—Sis. Angela Gellenbeck


Many Christians are quite familiar with the writings of Frances Jane van Alstyne, more commonly known as Fanny J. Crosby, who during her lifetime wrote the texts to over 8,000 hymns and gospel songs. So prolific was her writing, in fact, she used nearly 200 separate pseudonyms to address the concerns of publishers of her day that their hymnals not appear to contain so many contributions from one person. Blind nearly from birth, she lived her almost 95 years with joy, and the imagery expressed in her poetry rivals that of any others blessed with full sight.

A number of Fanny’s hymns, such as “Safe In the Arms of Jesus,” “Blessed Assurance,” “Pass Me Not,” and “Rescue the Perishing,” written in collaboration with noted hymn composers of the day, including William J. Kirkpatrick and William Howard Doane, quickly became favorites during her lifetime. They were often sung during the gospel crusades of the late 19th century, particularly those used by her good friend Ira Sankey during his travels with the American evangelist, Dwight L. Moody.

“To God Be the Glory,” written in the early 1870’s in collaboration with Doane, took a more circuitous route to familiarity. Originally, it did not catch on in America, but was taken to England by Moody and Sankey and used extensively in their revivals there, eventually being published in a number of hymnals overseas. Over 75 years later, in the early 1950’s, evangelist Billy Graham and his song leader, Cliff Barrows, added the hymn to their London Crusade songbook, and the hymn was so well received that they began to include it in their crusades back in the United States. What was once a nearly forgotten hymn became a classic and is well-known today.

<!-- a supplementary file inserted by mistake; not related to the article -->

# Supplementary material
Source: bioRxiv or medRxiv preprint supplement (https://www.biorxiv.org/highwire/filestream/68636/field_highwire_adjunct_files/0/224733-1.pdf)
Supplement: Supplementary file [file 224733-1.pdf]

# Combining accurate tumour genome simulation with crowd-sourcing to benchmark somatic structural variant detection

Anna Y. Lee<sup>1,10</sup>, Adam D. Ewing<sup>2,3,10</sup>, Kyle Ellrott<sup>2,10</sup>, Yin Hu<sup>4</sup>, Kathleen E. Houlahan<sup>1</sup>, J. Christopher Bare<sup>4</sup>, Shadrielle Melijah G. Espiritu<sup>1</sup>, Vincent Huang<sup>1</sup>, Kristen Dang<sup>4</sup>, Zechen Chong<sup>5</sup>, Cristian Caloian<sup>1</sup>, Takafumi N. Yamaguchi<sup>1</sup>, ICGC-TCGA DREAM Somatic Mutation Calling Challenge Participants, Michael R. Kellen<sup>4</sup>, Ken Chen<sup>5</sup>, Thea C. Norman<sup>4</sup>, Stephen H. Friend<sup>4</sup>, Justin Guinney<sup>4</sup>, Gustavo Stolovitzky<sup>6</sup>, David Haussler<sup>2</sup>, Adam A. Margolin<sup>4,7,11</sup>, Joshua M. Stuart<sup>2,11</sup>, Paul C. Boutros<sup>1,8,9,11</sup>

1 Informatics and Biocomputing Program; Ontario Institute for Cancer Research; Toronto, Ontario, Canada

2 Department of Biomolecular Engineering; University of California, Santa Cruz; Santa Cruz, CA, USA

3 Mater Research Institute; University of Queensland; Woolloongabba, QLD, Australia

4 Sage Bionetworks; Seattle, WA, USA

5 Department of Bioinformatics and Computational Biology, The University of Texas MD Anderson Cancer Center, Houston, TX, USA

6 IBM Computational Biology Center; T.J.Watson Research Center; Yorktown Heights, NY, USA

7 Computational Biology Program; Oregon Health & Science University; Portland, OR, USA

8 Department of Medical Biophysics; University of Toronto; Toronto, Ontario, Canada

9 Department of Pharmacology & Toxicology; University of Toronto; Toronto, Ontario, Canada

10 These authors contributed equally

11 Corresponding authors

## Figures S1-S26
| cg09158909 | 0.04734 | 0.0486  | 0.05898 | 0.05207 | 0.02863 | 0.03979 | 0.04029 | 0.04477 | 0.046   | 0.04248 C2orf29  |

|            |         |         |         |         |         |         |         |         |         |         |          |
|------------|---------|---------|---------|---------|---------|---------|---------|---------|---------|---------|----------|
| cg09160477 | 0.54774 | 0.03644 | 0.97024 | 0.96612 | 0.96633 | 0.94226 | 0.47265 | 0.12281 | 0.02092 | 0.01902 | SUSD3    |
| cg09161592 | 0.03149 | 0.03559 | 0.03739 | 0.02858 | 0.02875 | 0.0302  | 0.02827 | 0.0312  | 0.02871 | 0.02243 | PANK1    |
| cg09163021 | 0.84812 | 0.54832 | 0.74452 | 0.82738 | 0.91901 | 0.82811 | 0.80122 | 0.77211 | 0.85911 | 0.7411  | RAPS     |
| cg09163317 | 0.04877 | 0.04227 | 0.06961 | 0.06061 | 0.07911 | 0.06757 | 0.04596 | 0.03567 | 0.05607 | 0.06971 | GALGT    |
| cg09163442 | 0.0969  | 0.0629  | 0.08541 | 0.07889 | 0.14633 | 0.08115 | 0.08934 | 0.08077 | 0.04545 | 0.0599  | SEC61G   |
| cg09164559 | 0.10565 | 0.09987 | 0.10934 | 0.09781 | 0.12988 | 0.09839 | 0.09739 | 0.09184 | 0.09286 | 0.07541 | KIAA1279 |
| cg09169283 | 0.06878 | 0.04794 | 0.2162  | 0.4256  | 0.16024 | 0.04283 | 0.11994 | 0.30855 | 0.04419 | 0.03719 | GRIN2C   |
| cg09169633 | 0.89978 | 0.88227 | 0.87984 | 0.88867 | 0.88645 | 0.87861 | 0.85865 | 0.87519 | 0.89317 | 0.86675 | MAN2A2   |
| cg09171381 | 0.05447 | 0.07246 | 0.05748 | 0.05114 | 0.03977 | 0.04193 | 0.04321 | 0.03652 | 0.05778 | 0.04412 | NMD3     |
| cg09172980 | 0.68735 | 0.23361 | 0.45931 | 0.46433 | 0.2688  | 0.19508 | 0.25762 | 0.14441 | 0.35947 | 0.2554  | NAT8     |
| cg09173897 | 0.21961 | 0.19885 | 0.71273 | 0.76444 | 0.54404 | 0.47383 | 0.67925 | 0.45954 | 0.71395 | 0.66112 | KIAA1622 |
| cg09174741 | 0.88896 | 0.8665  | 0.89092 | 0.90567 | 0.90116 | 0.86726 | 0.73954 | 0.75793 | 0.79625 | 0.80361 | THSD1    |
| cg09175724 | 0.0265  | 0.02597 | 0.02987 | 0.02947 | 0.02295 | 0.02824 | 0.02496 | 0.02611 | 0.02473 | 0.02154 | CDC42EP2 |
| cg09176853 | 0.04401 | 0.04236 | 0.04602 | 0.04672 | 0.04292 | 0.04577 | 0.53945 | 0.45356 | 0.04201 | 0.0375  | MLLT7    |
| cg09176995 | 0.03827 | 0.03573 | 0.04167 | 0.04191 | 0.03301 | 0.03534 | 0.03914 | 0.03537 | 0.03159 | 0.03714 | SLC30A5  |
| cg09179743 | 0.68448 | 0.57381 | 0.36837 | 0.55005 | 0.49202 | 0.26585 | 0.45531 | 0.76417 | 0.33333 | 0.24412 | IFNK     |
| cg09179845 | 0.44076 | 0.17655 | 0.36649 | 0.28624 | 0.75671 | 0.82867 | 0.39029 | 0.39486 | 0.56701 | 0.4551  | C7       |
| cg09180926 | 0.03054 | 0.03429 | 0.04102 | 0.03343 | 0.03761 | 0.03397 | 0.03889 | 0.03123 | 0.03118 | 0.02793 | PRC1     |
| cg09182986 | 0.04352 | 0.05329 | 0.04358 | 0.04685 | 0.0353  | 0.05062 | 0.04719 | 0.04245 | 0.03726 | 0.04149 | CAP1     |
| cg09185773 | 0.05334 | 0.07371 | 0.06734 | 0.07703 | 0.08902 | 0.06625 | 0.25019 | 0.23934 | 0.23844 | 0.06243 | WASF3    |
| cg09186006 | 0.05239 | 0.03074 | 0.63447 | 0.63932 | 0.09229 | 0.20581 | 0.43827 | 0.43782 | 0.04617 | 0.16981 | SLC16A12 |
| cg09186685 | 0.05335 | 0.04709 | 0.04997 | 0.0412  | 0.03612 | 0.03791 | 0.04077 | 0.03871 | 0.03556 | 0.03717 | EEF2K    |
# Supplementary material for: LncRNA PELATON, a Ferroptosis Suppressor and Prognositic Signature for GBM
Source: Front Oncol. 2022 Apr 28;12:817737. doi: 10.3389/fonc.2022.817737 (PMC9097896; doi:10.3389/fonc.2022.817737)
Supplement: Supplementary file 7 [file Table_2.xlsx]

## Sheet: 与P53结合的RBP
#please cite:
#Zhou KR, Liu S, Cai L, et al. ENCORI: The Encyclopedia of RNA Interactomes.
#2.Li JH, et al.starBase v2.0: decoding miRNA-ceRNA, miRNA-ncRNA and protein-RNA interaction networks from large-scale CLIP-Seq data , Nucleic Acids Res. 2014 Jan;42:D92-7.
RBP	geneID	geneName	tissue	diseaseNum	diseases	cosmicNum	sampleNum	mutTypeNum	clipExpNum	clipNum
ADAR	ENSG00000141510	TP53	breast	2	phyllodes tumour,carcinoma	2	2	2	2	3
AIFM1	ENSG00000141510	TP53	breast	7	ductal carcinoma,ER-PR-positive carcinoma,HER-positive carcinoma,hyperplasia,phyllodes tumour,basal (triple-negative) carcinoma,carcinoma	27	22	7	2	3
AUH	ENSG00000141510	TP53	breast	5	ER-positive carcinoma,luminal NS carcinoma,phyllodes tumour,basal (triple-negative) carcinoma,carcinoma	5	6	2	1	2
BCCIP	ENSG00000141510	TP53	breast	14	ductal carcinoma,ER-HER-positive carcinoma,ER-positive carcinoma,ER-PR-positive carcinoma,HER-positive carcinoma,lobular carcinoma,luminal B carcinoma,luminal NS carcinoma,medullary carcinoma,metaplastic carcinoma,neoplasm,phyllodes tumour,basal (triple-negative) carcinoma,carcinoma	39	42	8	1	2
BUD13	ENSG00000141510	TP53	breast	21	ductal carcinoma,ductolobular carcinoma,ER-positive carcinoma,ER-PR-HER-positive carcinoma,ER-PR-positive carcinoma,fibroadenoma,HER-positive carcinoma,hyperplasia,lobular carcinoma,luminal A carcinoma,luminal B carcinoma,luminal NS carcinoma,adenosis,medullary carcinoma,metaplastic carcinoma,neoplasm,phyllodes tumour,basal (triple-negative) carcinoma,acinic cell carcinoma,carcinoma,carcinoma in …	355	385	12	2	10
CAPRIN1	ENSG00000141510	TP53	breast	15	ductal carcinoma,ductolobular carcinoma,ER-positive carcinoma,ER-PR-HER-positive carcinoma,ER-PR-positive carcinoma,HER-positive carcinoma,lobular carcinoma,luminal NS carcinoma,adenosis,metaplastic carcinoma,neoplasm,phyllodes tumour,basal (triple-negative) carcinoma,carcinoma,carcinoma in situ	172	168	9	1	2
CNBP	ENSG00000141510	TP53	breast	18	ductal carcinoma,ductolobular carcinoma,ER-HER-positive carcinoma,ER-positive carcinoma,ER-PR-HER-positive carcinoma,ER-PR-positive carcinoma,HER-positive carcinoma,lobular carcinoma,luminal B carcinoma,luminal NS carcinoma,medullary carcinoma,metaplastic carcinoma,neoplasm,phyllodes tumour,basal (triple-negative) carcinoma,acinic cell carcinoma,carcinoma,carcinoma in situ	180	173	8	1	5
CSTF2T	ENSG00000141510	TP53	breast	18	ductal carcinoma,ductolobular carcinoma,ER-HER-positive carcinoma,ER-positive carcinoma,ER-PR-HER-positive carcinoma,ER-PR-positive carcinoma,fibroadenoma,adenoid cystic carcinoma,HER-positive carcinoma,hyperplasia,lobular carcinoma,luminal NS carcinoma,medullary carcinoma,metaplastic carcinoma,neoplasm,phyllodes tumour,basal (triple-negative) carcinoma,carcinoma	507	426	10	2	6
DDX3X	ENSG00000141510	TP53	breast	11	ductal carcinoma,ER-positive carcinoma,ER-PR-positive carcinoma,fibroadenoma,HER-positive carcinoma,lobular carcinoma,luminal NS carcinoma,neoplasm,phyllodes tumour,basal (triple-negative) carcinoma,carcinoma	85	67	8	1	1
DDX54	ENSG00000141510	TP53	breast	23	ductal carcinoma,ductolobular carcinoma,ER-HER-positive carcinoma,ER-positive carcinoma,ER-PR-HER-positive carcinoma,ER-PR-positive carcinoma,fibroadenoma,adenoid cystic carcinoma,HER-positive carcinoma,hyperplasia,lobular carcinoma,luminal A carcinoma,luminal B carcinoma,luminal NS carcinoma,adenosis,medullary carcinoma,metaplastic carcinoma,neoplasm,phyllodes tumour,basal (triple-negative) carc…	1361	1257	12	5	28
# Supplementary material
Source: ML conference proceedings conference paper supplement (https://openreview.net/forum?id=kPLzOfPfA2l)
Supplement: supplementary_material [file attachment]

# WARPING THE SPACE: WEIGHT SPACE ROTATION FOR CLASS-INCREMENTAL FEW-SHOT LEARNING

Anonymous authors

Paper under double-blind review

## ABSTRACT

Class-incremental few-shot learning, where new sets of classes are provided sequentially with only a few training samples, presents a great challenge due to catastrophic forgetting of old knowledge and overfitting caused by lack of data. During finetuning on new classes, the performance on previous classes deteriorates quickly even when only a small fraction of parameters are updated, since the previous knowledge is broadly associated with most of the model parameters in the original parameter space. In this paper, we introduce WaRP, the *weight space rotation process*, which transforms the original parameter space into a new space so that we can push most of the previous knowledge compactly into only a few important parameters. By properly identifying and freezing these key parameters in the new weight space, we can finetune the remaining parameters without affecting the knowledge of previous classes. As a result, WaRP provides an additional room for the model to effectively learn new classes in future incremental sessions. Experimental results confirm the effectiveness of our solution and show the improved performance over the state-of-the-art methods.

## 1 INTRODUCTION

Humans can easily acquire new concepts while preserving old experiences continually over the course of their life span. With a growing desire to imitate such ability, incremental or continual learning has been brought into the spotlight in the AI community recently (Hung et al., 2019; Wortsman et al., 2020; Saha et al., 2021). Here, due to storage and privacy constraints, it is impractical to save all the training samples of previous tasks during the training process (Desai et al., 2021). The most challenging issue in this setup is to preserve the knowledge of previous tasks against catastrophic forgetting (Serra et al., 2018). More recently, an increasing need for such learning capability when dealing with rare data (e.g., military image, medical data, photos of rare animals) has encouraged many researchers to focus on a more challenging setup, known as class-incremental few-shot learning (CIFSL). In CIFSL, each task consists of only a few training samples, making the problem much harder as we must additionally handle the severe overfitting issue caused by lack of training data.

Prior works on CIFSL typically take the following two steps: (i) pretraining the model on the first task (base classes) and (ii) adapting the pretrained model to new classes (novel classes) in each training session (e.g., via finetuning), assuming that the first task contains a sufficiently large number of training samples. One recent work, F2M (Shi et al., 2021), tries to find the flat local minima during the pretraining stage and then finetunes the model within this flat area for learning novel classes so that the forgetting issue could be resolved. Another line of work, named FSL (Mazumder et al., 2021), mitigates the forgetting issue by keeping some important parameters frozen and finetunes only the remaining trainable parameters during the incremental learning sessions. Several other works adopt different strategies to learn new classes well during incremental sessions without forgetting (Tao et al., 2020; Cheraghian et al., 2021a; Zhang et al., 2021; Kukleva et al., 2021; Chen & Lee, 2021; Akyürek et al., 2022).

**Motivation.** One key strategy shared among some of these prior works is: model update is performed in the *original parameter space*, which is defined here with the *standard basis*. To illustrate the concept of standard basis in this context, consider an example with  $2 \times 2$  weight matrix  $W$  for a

The hymn is somewhat unique among late 19th century hymns in that, instead of primarily focusing on personal testimony or Christian experience, it expresses and encourages congregational praise to God for His greatness, His wonderful plan of salvation, and the realization of eternal life for every believer. As we enter this season of thanksgiving, may we truly shout the praises of Jehovah for all that He has done for His Church!

To God Be the Glory

“To God be the glory, great things He hath done!

So loved He the world that He gave us His Son

Who yielded His life an atonement for sin,

And opened the life-gate that all may go in.

Chorus: Praise the Lord, praise the Lord, Let the earth hear His voice!

Praise the Lord, praise the Lord, Let the people rejoice!

O come to the Father, through Jesus the Son,

And give Him the glory, great things He hath done.

O perfect redemption, the purchase of blood

To every believer the promise of God

The vilest offender who truly believes

That moment from Jesus a pardon receives.

Great things He hath taught us, great things He hath done,

And great our rejoicing through Jesus, God’s Son;

But purer and higher and greater will be

Our wonder, our transport, when Jesus we see.”

—Bro. Fari Matthews

To hear some saints in Pacoima, California sing this beautiful song, click here: